```
=SUBSTITUTE(TEXT(A2/B2,"#####/#####"),"/",":")
```

And just like that, the output reflects the values in a n:1 form.

A few things to keep in mind about using these functions:

**Pros:**- The formula is dynamic, so if my original values change, my ratio updates automatically.
- It’s easy to understand and implement.

**Cons:**- It might be overkill if I’m dealing with straightforward values where simpler methods could suffice.

And there you have it—a smooth way to get ratios into that clean n:1 notation with a colon separator!

## 4. Calculate the Ratio with Round Function

When working with ratios in Excel and I come across values that aren’t nicely divisible, I turn to the ROUND function. It’s perfect for when I need that extra bit of precision, especially with decimals. Here’s a quick guide on how to leverage it:

First up, let’s say I’ve got two numbers and the larger one doesn’t neatly divide by the smaller one—I don’t want to lose that accuracy. I divide the larger number by the smaller number but, here’s the trick, I also round it off to one decimal for a clean comparison.

To get this done, I punch in the formula:

`=ROUND(A2/B2,1) & ":" & 1`

This nifty piece of code does two things for me. It divides and rounds my first value and then stitches it together with a “:” and “1” to display the result as a ratio.

This formula nails it with two key benefits:

**PRO:**Super handy for decimal precision.**PRO:**Delivers a more accurate final value.

But hey, keep in mind this method isn’t a one-size-fits-all solution:

**CON:**Not the best choice in every scenario.

And, just like that, I’ve got myself a decimal-inclusive ratio that’s on-point and easy on the eyes.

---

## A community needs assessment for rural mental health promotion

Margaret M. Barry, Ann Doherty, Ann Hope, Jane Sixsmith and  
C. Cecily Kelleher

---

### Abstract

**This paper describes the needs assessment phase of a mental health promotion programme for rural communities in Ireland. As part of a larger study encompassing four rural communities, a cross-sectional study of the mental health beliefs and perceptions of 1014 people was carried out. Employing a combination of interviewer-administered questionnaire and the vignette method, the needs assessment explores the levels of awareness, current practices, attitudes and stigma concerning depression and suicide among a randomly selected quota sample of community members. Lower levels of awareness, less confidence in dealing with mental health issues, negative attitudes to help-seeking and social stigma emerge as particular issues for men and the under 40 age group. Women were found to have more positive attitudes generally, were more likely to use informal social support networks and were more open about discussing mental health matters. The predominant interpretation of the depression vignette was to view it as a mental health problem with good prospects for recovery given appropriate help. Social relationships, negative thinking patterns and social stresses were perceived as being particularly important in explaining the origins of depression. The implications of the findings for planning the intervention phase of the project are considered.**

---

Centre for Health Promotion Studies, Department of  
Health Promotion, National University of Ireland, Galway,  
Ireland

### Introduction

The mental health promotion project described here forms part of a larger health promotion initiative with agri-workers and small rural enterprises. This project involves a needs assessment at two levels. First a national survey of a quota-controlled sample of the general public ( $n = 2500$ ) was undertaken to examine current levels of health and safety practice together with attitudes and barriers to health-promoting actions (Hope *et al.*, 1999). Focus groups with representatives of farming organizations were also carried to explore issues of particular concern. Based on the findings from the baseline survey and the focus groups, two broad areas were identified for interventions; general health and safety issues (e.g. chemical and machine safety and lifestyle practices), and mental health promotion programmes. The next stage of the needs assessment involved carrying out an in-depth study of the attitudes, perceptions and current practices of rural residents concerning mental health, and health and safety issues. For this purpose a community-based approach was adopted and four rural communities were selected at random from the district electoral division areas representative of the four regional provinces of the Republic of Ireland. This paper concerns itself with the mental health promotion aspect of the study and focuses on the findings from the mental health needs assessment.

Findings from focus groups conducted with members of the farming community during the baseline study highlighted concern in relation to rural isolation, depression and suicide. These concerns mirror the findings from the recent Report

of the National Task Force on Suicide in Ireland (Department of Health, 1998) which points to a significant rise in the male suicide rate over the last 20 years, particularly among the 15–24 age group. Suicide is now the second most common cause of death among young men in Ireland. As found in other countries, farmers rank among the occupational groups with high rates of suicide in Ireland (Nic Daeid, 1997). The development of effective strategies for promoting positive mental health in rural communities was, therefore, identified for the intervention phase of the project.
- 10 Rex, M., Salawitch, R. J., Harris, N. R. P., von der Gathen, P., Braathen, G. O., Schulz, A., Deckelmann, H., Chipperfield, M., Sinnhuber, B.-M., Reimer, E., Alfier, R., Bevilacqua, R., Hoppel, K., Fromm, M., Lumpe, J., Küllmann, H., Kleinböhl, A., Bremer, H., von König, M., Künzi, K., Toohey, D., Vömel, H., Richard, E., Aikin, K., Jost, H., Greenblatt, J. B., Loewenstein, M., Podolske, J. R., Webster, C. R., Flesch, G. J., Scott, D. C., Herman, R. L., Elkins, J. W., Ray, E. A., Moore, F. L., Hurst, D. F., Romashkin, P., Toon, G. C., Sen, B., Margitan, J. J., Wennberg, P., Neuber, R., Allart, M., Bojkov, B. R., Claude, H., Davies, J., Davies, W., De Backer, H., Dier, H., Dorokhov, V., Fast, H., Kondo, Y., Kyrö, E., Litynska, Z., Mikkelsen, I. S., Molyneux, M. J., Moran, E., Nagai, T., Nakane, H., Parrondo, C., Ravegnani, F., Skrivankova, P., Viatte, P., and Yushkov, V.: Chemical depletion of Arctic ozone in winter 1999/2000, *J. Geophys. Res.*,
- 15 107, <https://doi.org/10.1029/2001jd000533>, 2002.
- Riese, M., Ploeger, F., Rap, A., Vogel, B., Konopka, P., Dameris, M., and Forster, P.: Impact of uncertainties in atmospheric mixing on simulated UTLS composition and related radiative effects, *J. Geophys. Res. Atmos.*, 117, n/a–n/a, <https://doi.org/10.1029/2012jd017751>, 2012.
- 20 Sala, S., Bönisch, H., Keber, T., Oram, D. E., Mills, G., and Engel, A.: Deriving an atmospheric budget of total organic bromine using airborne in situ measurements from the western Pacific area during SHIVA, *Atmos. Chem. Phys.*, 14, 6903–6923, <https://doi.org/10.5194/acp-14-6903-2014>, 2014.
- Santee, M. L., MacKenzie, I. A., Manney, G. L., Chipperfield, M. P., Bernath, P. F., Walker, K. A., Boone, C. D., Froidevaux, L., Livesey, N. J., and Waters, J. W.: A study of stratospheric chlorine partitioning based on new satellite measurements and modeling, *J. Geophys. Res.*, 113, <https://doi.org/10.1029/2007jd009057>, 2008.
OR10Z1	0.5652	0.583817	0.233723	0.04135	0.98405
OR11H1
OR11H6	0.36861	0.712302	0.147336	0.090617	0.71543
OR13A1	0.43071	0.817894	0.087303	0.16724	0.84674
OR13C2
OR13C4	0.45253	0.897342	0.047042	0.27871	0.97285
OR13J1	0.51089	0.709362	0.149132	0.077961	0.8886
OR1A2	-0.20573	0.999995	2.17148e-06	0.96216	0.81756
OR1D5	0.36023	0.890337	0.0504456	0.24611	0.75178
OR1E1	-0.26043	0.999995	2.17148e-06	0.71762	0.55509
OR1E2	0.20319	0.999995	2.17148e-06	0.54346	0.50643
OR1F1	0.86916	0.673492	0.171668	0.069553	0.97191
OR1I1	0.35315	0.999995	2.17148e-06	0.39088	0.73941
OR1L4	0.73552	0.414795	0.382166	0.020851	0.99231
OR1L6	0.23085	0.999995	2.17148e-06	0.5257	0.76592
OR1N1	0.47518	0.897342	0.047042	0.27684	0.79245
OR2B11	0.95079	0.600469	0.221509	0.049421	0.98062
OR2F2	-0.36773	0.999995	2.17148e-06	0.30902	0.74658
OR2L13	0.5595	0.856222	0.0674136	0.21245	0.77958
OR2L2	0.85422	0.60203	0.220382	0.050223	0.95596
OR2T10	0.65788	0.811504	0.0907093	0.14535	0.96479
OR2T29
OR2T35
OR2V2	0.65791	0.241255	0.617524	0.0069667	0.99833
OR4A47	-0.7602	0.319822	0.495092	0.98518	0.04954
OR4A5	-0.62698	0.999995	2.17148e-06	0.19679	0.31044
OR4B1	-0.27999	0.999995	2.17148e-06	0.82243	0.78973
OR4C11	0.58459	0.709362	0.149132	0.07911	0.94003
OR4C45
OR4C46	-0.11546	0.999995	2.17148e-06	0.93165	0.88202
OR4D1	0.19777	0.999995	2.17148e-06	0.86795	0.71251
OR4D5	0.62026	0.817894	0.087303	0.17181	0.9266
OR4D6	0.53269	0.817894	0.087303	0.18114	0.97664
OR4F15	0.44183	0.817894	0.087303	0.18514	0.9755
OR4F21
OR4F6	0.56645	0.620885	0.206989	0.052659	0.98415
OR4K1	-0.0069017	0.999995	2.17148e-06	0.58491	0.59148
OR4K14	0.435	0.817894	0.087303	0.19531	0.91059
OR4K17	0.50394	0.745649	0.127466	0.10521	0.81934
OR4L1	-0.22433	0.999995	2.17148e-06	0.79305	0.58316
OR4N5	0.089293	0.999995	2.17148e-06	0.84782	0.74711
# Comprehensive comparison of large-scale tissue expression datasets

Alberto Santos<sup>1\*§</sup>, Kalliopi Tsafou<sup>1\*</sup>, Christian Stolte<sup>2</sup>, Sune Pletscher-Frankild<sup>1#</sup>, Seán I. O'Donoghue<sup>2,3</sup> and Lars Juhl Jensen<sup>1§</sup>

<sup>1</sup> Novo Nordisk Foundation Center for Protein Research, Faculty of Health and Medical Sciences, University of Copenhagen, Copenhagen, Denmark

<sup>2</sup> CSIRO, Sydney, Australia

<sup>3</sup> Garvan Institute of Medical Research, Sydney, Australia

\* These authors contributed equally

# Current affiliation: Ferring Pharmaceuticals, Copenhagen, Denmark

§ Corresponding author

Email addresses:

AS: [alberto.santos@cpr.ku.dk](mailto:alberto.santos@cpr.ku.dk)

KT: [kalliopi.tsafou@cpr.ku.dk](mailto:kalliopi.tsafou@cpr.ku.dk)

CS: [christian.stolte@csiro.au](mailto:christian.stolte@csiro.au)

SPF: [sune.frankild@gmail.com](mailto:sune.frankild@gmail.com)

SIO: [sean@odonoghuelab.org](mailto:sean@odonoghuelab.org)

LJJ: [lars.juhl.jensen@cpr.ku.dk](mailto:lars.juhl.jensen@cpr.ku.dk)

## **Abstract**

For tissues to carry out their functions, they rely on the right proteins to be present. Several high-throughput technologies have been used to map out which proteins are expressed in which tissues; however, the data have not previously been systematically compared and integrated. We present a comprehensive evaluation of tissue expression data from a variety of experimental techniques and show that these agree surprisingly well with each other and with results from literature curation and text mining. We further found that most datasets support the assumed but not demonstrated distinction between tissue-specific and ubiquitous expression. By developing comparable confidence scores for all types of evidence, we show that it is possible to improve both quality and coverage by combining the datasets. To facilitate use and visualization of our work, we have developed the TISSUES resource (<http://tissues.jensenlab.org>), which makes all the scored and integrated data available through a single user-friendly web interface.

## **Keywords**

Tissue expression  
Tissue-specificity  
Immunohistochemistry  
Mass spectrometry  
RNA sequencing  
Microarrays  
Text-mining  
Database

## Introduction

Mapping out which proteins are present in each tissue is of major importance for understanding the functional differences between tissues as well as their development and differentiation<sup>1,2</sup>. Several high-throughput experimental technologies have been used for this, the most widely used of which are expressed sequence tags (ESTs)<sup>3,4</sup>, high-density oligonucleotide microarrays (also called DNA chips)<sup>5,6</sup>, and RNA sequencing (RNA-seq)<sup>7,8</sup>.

## Conclusion

In wrapping up, there are multiple approaches to crunching ratios in Excel, catering to various scenarios and data types. I’ve outlined several techniques that I find handy, and I’m curious if you’ve got your own tricks up your sleeve.

**Methods to Calculate Ratios in Excel:**

- Straight division
- Using the GCD function
- Creating proportion statements
- Implementing the TEXT function

If you’ve got a different spin on ratio calculations, drop your insight below—I’m all ears. Oh, and if you think this tip could help a buddy out, go ahead and pass it along! Serendipity might just smile on them, too. Got questions? The FAQs should cover most inquiries, but if you’re stumped, I’m here to assist.

## Related Formulas

In my spreadsheets, getting the right numbers often means playing with formulas. Here’s a quick rundown of some I use often:

**Average Top Values**: When I’m looking into recipes and need to find the best mix, I get average top values to spot those star ingredients.**Coefficient of Variation (CV)**: Handy for when I need to compare the variability of one dataset to another. It’s like mapping out consistency with percentages—quite vital in architecture or engineering when precision is key.**MAX IF**: This one’s a lifesaver when sorting through data and needing only the maximum value that meets my criteria—an aspect ratio for HD video specs, perhaps.**Min Value Functions**: Ever had to find the smallest object in a bunch? These functions pull out the tiniest values, whether it’s finding the short side of a rectangle or the least percentage increase.**Nth Root**: Perfect when I need to reverse-engineer some calculations, like figuring out the original size of an aspect ratio.**Most Frequent Values**: Similar to finding a favorite dish in recipes, this formula tells me what’s common or popular.**Max Date Function**: Keeps me on track with timelines, ensuring I don’t miss the freshest data—important in fields where updates are as frequent as daily specials.

And trust me, these are just starters. There’s a whole menu of Excel formulas that keep my work precise and my projects tasty!